Tim’s relationship with me was yet one more instance of his funding in individuals throughout distinction. He was in a denomination that doesn’t ordain ladies, and he believed the Bible requires distinct roles for women and men throughout the church and the family. I’m a girl who’s an ordained priest. We mentioned our disagreements overtly, however the conversations have been by no means hostile. We discovered much more unity in our mutual religion in Christ and dedication to the Bible than our variations may undo. Our theological variations about gender roles didn’t preserve him from supporting my work in methods he may. A couple of years in the past, he discovered I didn’t have a literary agent, and chastised me, in a sort, involved means. Per week later his agent contacted me. Tim had known as him. Even earlier this month, in his final weeks, when he was very sick, he made time to supply me knowledge and recommendation. Tim had nothing to realize from giving me his time. He was merely beneficiant, even to the very finish.
In our final dialog, he spoke fondly about his ministry at Redeemer, his love for the church and his considerations about American Christians. As a pastor and Christian chief, Tim refused to be politically captive to both party. In a 2017 piece for The Times, he wrote, “While believers can register below a party affiliation and be lively in politics, they need to not determine the Christian church or religion with a political party,” insisting that the church mustn’t ever devolve into “another voting bloc aiming for energy.” He continued: “For instance, following each the Bible and the early church, Christians ought to be dedicated to racial justice and the poor, but additionally to the understanding that intercourse is just for marriage and for nurturing household. One of these views appears liberal and the opposite seems oppressively conservative. The historic Christian positions on social points don’t match into modern political alignments.”
Tim was criticized by some for being too theologically conservative, by others for being too liberal, and by others for being too reasonable. However, he by no means appeared bitter or upset by the criticism. He took all of it in stride and inspired me to as nicely, signing emails with recommendation like, “Keep that pores and skin thickening!”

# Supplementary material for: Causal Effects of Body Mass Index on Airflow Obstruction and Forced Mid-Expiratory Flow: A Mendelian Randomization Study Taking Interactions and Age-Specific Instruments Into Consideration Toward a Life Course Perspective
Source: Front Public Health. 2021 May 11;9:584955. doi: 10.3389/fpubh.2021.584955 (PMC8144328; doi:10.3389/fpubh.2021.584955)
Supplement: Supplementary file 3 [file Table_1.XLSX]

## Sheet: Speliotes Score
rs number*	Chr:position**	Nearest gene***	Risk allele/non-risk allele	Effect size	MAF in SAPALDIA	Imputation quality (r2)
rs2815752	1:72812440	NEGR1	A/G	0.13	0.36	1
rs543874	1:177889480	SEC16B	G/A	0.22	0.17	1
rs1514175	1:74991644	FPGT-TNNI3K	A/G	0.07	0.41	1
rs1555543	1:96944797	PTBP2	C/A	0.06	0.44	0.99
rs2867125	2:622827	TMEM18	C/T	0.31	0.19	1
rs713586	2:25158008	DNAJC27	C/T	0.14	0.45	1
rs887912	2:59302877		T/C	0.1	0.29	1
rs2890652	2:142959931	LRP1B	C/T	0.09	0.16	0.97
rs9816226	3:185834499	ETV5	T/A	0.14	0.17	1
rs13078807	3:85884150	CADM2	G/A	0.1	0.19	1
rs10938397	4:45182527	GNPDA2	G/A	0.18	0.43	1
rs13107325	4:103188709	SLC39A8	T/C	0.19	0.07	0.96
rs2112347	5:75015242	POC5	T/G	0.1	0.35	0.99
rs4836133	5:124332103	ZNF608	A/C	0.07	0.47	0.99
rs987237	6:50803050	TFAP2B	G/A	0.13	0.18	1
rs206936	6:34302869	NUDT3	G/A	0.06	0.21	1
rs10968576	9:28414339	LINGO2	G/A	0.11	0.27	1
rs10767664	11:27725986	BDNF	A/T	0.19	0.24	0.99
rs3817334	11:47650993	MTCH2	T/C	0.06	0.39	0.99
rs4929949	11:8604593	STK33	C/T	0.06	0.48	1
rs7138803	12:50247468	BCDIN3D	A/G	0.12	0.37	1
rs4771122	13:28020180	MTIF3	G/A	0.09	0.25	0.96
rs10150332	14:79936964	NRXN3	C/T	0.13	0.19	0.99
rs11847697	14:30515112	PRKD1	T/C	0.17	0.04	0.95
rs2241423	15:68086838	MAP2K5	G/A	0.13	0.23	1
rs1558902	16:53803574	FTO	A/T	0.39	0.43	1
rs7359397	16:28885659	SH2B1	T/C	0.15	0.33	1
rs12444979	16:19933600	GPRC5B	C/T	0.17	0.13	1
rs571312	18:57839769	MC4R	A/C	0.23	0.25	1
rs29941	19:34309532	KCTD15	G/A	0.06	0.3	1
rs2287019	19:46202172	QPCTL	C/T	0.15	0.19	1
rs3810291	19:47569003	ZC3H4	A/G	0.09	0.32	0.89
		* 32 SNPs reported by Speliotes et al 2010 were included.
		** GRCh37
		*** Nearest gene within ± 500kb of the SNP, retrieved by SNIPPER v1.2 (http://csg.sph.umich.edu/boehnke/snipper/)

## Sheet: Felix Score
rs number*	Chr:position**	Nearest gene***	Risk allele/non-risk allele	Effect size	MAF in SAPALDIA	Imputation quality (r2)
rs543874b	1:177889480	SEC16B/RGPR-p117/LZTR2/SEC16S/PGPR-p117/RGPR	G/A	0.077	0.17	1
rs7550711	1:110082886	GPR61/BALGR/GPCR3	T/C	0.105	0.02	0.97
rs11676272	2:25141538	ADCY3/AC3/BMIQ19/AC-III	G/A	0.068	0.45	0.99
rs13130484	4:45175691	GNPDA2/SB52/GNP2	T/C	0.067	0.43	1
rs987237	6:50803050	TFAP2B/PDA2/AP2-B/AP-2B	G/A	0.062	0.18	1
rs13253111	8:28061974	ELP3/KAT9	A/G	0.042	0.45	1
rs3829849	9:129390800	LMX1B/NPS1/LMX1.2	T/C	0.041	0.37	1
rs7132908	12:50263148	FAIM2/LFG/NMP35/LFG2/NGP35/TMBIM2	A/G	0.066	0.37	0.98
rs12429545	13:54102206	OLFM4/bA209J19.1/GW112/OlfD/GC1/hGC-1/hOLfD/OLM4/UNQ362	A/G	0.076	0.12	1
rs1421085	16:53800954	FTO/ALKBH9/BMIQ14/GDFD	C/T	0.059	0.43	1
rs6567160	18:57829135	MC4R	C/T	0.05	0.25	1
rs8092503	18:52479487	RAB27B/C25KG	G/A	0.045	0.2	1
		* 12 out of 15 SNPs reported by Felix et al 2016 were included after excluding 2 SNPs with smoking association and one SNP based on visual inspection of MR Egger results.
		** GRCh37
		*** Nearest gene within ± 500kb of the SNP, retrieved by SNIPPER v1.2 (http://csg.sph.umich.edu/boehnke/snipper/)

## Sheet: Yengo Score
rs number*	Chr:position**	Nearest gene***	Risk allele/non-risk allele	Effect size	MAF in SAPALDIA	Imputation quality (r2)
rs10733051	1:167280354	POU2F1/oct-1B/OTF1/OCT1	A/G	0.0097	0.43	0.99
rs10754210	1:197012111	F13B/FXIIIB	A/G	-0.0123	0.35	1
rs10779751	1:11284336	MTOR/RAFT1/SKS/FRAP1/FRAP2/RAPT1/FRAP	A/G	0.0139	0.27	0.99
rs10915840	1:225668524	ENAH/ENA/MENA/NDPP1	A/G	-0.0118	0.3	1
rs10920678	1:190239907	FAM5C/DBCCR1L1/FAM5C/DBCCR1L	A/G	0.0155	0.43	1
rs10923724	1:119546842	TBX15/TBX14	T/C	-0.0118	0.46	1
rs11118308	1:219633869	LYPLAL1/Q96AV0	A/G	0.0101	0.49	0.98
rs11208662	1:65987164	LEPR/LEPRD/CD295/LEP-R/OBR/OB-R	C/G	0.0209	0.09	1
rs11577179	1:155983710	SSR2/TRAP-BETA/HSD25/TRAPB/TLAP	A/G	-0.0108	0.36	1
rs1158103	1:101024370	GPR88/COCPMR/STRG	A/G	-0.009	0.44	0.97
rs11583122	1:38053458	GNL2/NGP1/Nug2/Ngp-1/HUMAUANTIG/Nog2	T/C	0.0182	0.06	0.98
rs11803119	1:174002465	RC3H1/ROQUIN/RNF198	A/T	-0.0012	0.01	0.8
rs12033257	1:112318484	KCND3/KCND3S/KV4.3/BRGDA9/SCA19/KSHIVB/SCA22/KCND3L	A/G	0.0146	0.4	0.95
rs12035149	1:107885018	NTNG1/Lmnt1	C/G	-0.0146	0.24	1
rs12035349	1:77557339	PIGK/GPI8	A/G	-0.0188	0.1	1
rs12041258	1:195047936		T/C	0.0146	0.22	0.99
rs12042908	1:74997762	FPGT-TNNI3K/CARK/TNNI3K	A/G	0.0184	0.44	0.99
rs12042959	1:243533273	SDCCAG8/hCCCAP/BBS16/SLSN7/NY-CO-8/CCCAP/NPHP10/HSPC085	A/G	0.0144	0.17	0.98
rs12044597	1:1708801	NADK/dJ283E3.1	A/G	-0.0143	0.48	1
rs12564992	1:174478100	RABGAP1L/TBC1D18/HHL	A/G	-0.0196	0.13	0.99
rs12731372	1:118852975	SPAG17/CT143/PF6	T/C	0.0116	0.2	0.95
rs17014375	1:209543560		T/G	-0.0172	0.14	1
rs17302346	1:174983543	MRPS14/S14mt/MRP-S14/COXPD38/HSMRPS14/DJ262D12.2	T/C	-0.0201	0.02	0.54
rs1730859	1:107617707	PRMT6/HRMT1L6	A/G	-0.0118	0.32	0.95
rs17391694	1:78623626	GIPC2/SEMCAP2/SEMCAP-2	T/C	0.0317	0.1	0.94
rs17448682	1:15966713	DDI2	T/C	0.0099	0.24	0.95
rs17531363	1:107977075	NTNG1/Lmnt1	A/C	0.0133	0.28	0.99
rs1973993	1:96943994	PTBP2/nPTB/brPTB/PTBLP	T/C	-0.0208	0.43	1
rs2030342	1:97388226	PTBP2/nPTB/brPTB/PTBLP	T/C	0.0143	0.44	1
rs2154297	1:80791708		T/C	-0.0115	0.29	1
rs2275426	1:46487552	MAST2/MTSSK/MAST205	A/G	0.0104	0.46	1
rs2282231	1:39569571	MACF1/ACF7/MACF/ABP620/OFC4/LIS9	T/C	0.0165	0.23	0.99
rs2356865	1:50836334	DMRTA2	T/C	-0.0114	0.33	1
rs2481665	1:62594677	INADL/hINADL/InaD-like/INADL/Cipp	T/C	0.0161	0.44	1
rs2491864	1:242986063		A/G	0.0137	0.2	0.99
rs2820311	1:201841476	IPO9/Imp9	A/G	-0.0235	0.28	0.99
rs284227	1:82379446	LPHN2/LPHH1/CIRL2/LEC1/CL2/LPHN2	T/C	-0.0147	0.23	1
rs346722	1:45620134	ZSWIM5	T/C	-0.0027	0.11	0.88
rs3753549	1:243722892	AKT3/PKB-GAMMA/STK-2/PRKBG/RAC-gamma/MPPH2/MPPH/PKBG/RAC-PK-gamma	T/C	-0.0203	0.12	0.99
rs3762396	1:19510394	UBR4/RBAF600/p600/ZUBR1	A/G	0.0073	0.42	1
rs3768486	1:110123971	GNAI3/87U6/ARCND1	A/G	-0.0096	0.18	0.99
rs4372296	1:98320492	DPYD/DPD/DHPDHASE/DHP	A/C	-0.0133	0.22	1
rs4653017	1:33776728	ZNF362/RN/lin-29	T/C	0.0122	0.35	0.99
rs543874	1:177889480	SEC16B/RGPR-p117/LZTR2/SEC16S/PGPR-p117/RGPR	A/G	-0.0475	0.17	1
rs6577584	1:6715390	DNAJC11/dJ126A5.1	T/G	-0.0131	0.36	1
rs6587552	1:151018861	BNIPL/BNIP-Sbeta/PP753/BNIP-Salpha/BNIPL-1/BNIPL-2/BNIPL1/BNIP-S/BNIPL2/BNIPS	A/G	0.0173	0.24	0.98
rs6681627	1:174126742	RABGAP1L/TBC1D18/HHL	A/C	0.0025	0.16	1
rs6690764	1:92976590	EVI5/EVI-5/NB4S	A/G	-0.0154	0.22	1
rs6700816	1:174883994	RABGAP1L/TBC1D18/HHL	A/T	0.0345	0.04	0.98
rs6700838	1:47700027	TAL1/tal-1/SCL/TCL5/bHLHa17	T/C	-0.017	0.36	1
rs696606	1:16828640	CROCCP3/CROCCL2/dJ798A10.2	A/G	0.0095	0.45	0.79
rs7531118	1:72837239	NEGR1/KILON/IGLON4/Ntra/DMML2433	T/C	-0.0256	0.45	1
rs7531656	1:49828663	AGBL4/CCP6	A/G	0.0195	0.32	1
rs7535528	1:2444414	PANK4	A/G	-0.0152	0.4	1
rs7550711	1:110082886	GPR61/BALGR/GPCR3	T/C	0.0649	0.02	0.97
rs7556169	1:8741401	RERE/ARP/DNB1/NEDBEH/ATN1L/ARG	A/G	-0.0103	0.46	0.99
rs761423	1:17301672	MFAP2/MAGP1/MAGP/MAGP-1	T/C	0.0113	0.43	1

Tim appeared so safe in his relationship with God that he wasn’t threatened by something — he was comfy with disagreement and distinction, he didn’t fret over the way forward for the church, he didn’t even worry dying. Some Christian critics say that the “Tim Keller mannequin” of engagement, his winsome, mild method to these with whom he disagreed, is outdated. They say that elevated secularization and progressive hostility towards conventional Christianity requires the trustworthy to hit again, reply in type, dominate or humiliate those that oppose us. But Tim wasn’t type, mild and loving to others as some kind of technique to win the tradition wars, develop his church or obtain a selected consequence. Tim beloved his neighbors, even throughout deep variations, just because he was a person who had been reworked by the grace of Jesus. As he wrote in The Times, he believed and lived as if “the Gospel provides us the assets to like individuals who reject each our beliefs and us personally.”
The Christian Scriptures describe “the fruit of the Spirit” — what grows in us as we stroll with God — as love, pleasure, peace, persistence, kindness, goodness, faithfulness, gentleness and self-control. Tim’s life was marked by these items. And these inclinations aren’t a political technique. They aren’t part of a model. They aren’t a option to promote books, acquire energy, win tradition wars or “take again America for Christ.” Tim inhabited these methods of being, not as a way to any finish, however as a response to his relationship with God and love for his neighbor. The final 10 years or so have been laborious on orthodox or conventional Christians who’re cautious of Christian nationalism, hyperpartisanship and the politics of bitterness or resentment. “Keller’s passing leaves a void within the nascent motion to reform evangelicalism,” wrote Michael Luo in The New Yorker, “and at present’s social and political currents make the prospects for change appear dim.”